This research project is in progress. PCORI will post the research findings on this page within 90 days after the results are final.
What is the research about?
Type 2 diabetes is a long-term illness that causes glucose, or blood sugar, levels to rise. People with type 2 diabetes need to monitor their glucose so they can adjust their diabetes treatment. For example, they may make changes to their medicine or their lifestyle. Doing so can help people stay healthy and avoid complications from diabetes.
People can monitor glucose in different ways. A blood test called hemoglobin A1c, or HbA1c, measures a person’s average glucose levels over the last three months. HbA1c is not helpful in managing diabetes on a daily basis, especially for people who take insulin.
One way to monitor glucose each day is with finger-stick blood glucose testing, where people draw a small amount of blood from their finger to test. For some people, finger sticks can hurt and be bothersome. Another way is using a continuous glucose monitor, or CGM. A CGM is a device that people wear that monitors their glucose at all times. Questions remain about how CGM and finger sticks compare in helping people manage type 2 diabetes daily.
In this study, the research team is comparing CGM and finger sticks for monitoring glucose levels among people with type 2 diabetes who use insulin.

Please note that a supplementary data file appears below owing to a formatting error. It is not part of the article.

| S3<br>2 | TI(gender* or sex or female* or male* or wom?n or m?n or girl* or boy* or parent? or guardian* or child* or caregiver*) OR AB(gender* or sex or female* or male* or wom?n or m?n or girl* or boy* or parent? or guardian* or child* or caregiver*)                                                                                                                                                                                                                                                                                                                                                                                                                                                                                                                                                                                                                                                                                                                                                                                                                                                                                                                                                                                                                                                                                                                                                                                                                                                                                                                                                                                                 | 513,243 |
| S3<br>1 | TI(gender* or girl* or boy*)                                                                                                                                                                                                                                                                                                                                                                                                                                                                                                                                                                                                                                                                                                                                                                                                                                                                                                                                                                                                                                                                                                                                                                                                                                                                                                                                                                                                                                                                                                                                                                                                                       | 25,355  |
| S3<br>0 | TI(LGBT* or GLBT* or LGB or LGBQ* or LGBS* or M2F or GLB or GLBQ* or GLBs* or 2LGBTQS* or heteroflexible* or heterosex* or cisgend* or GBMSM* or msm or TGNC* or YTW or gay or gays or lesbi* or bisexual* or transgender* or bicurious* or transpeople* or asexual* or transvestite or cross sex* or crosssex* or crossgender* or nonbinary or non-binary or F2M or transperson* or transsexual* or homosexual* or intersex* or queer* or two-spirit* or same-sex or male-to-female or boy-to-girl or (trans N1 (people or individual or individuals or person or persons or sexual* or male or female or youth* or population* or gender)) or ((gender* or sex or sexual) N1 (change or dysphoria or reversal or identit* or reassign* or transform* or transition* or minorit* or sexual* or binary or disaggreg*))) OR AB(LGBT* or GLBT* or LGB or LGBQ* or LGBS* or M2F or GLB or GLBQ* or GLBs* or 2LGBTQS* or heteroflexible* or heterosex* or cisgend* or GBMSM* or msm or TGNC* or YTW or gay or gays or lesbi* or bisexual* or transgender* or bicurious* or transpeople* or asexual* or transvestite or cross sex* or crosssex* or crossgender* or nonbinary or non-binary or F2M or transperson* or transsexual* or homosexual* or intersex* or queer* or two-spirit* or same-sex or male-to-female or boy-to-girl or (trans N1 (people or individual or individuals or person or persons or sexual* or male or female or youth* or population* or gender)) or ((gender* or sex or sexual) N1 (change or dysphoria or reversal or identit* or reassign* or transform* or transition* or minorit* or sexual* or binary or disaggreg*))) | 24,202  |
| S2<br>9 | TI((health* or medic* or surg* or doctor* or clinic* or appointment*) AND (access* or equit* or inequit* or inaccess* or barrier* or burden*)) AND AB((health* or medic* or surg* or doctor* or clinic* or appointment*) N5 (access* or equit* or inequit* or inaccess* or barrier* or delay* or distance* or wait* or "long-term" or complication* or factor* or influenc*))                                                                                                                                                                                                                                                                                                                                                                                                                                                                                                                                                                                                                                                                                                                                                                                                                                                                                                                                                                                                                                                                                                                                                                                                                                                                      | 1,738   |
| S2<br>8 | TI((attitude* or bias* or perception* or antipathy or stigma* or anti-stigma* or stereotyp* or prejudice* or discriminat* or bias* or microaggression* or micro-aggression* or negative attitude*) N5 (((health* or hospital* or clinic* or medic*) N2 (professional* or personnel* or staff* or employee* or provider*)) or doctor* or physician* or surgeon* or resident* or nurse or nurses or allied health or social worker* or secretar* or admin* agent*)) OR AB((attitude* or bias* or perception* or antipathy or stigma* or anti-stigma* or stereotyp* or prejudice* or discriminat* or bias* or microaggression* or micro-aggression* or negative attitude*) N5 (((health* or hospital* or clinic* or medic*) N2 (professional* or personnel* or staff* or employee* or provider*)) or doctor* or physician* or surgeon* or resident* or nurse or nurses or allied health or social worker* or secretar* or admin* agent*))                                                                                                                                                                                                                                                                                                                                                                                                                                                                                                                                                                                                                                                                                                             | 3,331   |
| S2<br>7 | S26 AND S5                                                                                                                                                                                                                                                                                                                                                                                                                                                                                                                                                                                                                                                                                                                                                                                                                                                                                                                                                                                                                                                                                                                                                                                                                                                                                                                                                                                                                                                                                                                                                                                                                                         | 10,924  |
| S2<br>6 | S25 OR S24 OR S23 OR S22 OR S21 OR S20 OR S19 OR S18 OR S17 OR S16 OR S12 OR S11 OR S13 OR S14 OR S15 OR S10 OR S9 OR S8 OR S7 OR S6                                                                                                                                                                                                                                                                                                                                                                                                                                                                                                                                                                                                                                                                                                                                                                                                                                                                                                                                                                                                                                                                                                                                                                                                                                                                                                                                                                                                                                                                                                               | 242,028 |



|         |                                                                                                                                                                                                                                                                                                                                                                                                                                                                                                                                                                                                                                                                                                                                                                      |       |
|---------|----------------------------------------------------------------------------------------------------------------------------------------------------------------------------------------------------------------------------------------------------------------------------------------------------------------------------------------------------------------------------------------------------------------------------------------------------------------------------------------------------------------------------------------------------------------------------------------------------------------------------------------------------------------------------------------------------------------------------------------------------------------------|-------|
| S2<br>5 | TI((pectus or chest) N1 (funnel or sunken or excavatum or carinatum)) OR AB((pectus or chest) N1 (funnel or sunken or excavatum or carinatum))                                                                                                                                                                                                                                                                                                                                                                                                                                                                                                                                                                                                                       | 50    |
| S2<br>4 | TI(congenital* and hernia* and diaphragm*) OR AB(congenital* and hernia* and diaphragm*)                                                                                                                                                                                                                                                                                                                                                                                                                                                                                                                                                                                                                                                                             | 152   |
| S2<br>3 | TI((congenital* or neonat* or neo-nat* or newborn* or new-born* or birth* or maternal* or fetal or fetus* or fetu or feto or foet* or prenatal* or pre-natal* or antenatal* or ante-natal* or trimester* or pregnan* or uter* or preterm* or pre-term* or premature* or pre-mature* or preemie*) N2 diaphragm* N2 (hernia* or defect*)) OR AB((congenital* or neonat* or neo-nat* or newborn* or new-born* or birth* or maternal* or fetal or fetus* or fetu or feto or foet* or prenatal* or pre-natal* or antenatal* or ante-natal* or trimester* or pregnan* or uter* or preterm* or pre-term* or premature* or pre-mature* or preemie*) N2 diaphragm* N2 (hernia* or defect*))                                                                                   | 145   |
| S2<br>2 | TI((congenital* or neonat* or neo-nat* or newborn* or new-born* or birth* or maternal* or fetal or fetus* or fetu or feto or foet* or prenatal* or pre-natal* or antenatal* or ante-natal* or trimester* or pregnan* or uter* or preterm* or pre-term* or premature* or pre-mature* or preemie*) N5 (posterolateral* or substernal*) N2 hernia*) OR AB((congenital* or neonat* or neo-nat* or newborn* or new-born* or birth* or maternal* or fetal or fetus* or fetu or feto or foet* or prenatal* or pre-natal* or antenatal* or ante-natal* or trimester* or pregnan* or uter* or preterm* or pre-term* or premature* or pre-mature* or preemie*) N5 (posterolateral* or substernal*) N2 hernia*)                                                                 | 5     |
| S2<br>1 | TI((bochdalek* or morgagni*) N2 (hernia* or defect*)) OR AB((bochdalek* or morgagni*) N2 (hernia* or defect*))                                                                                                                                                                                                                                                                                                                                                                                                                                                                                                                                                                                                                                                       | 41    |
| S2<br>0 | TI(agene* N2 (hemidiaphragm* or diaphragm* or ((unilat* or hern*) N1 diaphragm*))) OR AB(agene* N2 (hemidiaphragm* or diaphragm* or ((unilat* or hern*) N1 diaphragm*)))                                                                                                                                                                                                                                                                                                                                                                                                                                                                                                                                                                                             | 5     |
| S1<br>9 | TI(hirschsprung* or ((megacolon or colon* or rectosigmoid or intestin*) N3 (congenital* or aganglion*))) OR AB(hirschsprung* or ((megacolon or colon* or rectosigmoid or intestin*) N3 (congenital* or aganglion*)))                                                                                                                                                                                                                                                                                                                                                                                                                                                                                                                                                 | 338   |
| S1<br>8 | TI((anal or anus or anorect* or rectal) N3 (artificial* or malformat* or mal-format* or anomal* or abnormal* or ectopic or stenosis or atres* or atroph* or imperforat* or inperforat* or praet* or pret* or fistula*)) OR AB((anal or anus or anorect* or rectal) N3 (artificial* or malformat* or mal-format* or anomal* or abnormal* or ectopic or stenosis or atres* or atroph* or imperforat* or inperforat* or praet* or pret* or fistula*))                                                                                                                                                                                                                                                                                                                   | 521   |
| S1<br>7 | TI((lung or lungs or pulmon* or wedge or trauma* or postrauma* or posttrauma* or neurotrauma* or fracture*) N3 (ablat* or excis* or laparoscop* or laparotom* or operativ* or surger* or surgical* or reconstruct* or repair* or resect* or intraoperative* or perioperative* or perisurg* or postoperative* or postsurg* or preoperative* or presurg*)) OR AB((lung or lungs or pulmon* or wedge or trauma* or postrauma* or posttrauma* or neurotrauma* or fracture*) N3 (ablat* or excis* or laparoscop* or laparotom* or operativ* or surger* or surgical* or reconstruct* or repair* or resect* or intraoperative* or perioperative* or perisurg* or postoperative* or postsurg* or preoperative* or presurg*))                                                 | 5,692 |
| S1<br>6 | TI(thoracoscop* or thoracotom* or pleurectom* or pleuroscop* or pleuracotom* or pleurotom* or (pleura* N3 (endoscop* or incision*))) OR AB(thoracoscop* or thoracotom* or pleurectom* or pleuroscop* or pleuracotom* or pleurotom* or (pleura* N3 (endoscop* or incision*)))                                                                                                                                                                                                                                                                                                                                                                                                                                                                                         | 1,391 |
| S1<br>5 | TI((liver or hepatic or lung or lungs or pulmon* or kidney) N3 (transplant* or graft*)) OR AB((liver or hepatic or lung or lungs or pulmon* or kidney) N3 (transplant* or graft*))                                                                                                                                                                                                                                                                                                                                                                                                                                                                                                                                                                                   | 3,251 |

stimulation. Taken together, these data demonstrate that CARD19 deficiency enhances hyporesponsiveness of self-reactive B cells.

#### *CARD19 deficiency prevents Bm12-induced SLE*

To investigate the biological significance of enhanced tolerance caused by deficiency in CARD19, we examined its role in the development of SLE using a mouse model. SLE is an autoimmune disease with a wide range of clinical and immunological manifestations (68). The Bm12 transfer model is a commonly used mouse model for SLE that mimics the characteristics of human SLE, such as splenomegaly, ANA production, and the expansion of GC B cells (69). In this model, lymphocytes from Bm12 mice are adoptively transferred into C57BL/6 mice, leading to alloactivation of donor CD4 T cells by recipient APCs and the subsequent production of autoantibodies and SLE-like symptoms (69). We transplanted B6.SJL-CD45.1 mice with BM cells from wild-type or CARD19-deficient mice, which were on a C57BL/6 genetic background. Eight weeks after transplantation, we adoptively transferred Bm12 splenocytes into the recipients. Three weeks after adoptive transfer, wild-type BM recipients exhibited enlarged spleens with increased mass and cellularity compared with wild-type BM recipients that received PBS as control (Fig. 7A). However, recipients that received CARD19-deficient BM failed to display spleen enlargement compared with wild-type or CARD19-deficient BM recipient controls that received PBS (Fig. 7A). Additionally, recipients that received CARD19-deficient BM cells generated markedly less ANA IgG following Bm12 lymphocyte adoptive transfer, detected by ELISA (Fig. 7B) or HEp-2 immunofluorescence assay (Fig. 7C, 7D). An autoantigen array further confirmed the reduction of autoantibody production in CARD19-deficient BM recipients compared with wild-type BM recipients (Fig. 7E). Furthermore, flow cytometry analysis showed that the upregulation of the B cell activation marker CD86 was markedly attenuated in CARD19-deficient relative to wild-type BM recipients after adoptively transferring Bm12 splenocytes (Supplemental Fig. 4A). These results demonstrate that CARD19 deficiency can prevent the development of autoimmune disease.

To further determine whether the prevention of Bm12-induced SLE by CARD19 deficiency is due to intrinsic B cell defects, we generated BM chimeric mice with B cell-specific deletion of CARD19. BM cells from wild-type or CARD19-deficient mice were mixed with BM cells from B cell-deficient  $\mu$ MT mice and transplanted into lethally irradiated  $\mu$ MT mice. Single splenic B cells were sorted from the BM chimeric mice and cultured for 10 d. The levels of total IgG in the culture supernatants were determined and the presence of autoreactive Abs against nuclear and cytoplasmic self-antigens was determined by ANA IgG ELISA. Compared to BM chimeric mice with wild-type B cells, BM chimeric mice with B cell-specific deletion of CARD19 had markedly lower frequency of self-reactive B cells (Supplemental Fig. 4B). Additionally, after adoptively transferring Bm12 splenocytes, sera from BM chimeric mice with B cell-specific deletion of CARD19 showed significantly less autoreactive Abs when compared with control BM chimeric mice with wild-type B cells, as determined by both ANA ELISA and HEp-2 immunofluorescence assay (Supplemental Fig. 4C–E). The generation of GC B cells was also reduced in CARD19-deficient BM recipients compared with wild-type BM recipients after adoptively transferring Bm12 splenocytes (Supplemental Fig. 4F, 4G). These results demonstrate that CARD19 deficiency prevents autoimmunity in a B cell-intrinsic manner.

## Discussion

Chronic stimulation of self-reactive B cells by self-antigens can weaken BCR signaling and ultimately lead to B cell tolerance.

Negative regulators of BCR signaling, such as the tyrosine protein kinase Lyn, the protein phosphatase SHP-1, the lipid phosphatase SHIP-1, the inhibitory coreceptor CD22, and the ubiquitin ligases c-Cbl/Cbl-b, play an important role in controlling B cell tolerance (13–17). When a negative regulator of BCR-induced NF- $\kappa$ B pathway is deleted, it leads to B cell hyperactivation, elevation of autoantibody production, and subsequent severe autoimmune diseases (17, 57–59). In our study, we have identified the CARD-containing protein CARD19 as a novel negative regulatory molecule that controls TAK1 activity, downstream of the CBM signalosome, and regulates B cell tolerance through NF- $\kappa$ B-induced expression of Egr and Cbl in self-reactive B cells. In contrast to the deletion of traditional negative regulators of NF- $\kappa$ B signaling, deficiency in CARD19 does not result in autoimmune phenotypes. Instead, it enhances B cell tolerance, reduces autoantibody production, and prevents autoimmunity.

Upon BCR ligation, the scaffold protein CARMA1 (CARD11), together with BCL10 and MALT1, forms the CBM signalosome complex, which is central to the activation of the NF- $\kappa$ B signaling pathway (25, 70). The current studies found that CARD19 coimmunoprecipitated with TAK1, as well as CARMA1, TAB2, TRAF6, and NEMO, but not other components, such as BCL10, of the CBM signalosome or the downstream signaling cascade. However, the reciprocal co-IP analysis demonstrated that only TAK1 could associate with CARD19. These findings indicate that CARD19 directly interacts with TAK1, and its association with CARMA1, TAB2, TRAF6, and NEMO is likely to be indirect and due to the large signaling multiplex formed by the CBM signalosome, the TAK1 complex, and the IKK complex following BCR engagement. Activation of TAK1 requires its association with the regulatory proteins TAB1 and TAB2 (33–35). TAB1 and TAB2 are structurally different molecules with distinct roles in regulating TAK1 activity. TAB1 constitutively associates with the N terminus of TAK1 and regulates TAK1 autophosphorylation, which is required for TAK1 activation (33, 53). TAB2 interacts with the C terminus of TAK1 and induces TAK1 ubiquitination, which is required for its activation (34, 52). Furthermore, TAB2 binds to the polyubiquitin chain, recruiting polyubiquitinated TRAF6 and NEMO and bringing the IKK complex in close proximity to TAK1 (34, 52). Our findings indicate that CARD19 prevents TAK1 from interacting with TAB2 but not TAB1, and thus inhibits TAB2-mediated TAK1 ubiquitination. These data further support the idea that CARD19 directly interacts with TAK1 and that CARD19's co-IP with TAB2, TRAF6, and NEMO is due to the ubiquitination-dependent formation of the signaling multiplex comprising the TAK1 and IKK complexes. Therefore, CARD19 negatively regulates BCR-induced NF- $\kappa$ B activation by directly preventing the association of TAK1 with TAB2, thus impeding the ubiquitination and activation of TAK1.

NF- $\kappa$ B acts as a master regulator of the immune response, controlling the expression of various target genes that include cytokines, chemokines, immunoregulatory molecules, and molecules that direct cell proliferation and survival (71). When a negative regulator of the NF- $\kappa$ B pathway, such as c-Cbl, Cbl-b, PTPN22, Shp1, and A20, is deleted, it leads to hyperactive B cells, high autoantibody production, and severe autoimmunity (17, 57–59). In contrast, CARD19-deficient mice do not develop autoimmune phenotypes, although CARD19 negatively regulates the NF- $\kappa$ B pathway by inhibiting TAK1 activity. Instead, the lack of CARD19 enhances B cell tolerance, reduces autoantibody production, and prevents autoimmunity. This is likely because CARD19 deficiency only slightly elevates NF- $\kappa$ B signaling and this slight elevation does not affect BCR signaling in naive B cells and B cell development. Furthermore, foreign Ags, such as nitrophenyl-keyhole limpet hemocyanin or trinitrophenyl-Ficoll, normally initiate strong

Who can this research help?
Results may help people with type 2 diabetes who use insulin and primary care clinicians, such as doctors and nurses, when considering ways to monitor glucose levels.
What is the research team doing?
The research team is recruiting 354 adults with type 2 diabetes who are receiving care at one of 30 primary care clinics in Minnesota and Wisconsin. The team is assigning clinics by chance to have their patients use either CGM or finger sticks to monitor their glucose for one year. The team is training clinic staff to use either finger stick or CGM results to help people manage their diabetes. People taking part in the study are getting their diabetes care through their usual primary care team during the study.
The research team is measuring patients’ HbA1c at the start of the study and again 6 and 12 months later. The team is also surveying patients about:
- Stress related to diabetes
- How often they test their glucose
- How satisfied they are with their method for monitoring glucose
- How often they have fears about low glucose from taking insulin
- Quality of life
- Diet and exercise
People with diabetes, doctors, nurses, dietitians, health insurers, and representatives from advocacy and professional groups are helping to plan and conduct this study.
Research methods at a glance
|Randomized controlled trial
|354 adults ages 18–75 with type 2 diabetes and HbA1C of 7.5% to 12% who use insulin to manage their diabetes
Secondary: diabetes distress, length of time when blood sugar is in normal range, hypoglycemia episode, frequency of on-demand blood glucose testing, devices’ impacts on diabetes self-care activities, satisfaction with glucose monitoring, fear of hypoglycemia, quality of life, diet and exercise, individual and organizational barriers and facilitators to use of glucose data at clinic visits
|1-year follow-up for study outcomes
*Patient-Centered Economic Outcomes Funding Supplement